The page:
- Super Senior: Competitors over the age of 60 on the first day of the match
Classifications for each division are considered independently from one another. The classification is dynamic as it may move up or down based on a competitor’s performance, and it’s based on the average of the best 4 scores of the most recent 8 scores. Meanwhile, the score is the competitor’s stage hit factor compared to the highest hit factors for the classification stage. The classifications are: Grand Master (95%-100%), Master (85%-94.999%), A (75%-84.999%), B (60%-74.999%), C (40%-59.999%), and D (Below 40%).
Targets and Scoring
Just like in USPSA targets, IPSC paper/cardboard targets have three scoring zones – A, C, and D. The kind of caliber you shoot will make you fall in the Major/Minor class. A hit on A-zone with both Major and Minor is scored 5 points. A hit on C-zone with Major scores 4 points and 3 points with Minor, while a hit on D-zone scores 2 points with Major and 1 point with Minor. Steel poppers score 5 points with both Major and Minor and only scored if dropped, the same thing goes for steel plate. Kindly read on Targets and Scoring from the USPSA write-up to understand the scoring system and the terms used.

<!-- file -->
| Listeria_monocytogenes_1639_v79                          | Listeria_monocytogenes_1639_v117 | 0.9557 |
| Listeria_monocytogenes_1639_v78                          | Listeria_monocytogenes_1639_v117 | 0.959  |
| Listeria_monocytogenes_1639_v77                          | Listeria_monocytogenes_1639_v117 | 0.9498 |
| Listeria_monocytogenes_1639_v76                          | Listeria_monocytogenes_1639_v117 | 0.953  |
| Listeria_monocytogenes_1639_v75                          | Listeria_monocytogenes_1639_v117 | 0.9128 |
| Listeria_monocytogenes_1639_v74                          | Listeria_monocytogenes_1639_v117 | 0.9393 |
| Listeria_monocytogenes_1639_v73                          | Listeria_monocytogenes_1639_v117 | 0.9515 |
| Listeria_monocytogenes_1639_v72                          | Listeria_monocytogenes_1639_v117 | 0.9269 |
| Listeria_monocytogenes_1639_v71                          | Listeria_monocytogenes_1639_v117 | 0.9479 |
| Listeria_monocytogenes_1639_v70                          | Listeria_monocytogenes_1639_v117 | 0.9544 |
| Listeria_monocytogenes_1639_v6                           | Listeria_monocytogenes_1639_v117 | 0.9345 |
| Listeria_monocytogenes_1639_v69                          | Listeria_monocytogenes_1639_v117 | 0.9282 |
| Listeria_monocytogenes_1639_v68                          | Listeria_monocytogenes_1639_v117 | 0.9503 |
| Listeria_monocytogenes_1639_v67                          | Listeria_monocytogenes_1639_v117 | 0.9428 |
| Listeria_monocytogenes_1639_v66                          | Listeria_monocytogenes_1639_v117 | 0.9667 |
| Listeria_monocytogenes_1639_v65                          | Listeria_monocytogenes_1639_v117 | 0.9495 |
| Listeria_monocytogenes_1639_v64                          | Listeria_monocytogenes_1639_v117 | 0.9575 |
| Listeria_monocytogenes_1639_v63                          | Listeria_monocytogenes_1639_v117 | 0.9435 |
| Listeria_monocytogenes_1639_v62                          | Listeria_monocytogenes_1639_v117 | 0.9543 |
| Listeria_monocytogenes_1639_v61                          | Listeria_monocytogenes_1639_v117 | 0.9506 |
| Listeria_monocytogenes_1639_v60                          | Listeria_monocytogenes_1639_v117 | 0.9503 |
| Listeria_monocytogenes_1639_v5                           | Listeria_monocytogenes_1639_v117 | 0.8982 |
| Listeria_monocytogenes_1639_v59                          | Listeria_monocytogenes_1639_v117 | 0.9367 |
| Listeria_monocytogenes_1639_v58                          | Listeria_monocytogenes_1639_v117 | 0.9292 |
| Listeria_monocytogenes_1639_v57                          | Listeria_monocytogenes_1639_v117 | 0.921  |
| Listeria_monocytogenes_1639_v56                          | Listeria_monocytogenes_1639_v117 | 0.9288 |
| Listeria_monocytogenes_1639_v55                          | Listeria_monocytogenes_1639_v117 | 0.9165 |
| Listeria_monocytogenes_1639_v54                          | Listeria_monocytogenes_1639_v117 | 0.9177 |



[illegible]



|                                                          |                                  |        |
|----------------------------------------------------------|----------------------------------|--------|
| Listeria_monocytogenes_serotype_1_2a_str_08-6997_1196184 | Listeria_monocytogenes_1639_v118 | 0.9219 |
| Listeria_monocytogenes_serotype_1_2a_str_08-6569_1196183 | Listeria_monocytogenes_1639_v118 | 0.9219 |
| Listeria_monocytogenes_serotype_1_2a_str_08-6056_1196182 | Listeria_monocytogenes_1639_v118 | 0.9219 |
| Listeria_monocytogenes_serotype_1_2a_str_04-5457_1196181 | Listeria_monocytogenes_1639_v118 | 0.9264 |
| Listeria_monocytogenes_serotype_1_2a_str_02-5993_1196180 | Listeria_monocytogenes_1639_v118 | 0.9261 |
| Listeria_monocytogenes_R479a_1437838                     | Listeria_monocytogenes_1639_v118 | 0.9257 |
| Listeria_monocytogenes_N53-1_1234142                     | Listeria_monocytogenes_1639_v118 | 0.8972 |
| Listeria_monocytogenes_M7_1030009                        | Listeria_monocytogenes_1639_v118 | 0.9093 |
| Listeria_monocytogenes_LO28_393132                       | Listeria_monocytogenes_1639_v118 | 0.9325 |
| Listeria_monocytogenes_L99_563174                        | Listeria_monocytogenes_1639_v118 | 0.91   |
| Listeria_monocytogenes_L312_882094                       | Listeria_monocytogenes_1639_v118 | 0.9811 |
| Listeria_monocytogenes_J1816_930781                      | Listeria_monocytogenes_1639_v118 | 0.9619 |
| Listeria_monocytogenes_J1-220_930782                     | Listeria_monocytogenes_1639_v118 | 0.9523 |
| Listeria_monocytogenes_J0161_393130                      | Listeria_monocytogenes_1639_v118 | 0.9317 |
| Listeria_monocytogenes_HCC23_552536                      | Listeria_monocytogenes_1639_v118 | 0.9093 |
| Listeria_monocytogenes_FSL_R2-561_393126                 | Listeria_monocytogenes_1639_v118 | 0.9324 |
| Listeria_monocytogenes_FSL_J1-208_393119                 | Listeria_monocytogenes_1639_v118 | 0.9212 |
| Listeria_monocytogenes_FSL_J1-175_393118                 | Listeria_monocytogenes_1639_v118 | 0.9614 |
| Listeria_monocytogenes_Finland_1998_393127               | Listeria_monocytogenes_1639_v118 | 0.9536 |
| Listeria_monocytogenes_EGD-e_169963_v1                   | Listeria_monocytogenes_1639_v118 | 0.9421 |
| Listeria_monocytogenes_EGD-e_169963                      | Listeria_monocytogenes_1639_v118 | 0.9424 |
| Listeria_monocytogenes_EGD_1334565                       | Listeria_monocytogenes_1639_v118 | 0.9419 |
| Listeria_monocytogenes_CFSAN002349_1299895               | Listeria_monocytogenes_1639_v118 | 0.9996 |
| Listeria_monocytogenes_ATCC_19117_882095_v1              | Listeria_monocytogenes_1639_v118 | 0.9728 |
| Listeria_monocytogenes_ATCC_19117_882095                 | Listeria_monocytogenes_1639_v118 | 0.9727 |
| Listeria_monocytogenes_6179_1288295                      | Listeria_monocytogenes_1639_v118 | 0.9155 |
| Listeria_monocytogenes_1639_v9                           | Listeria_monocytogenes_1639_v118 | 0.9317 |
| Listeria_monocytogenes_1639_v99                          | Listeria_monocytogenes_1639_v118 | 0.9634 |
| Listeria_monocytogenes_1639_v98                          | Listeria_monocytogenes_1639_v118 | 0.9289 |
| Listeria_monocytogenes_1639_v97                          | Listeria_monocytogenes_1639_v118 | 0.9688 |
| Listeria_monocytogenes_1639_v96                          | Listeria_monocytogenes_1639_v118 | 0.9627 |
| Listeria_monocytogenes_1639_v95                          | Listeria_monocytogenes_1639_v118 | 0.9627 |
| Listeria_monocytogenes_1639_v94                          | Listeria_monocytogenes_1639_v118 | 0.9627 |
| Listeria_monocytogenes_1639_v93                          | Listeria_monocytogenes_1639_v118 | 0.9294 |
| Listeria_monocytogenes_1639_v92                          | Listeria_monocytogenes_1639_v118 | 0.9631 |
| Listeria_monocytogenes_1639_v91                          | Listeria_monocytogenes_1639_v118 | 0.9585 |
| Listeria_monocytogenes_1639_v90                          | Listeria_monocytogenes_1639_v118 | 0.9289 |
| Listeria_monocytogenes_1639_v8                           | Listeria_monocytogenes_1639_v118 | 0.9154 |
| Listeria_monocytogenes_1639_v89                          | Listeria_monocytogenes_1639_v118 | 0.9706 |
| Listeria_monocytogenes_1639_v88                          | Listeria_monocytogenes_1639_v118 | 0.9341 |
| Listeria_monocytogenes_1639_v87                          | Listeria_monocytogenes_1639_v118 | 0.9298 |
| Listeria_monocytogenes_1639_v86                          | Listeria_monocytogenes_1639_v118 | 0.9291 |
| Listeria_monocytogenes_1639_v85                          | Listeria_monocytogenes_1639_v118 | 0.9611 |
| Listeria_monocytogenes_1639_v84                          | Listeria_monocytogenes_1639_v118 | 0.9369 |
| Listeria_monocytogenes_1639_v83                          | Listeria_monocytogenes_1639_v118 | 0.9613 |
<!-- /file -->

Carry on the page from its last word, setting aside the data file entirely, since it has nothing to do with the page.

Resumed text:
Safety Rules and Range Commands
IPSC matches are designed, constructed, and conducted with due consideration to safety precautions of handling firearms. These safety rules were exhaustively explained in one of my previous write-ups on firearms safety. Practically, the range commands used in the Steel Challenge are the same as that of IPSC.
Equipment and Ammunitions
To shoot an IPSC match, a competitor will need:
- Firearm: This is dependent on the division the shooter wish to shoot
- A belt/pouch system to carry extra magazines and ammo
- A holster that can safely carry the firearm
- Eye and ear protection equipment
- Ammunition suitable for the firearm
In IPSC shooting, there is no discrimination as to who can compete, IPSC membership spans across every field of life, from craftsmen to executives. Even women and families do participate in the shooting programs. Once you have your reliable firearm, suitable equipment, ammunition, eye and ear protection, and a big dose of enthusiasm; you’re welcome to join any of the IPSC regions to become a member and enjoy the wide array of benefits that comes with being a member.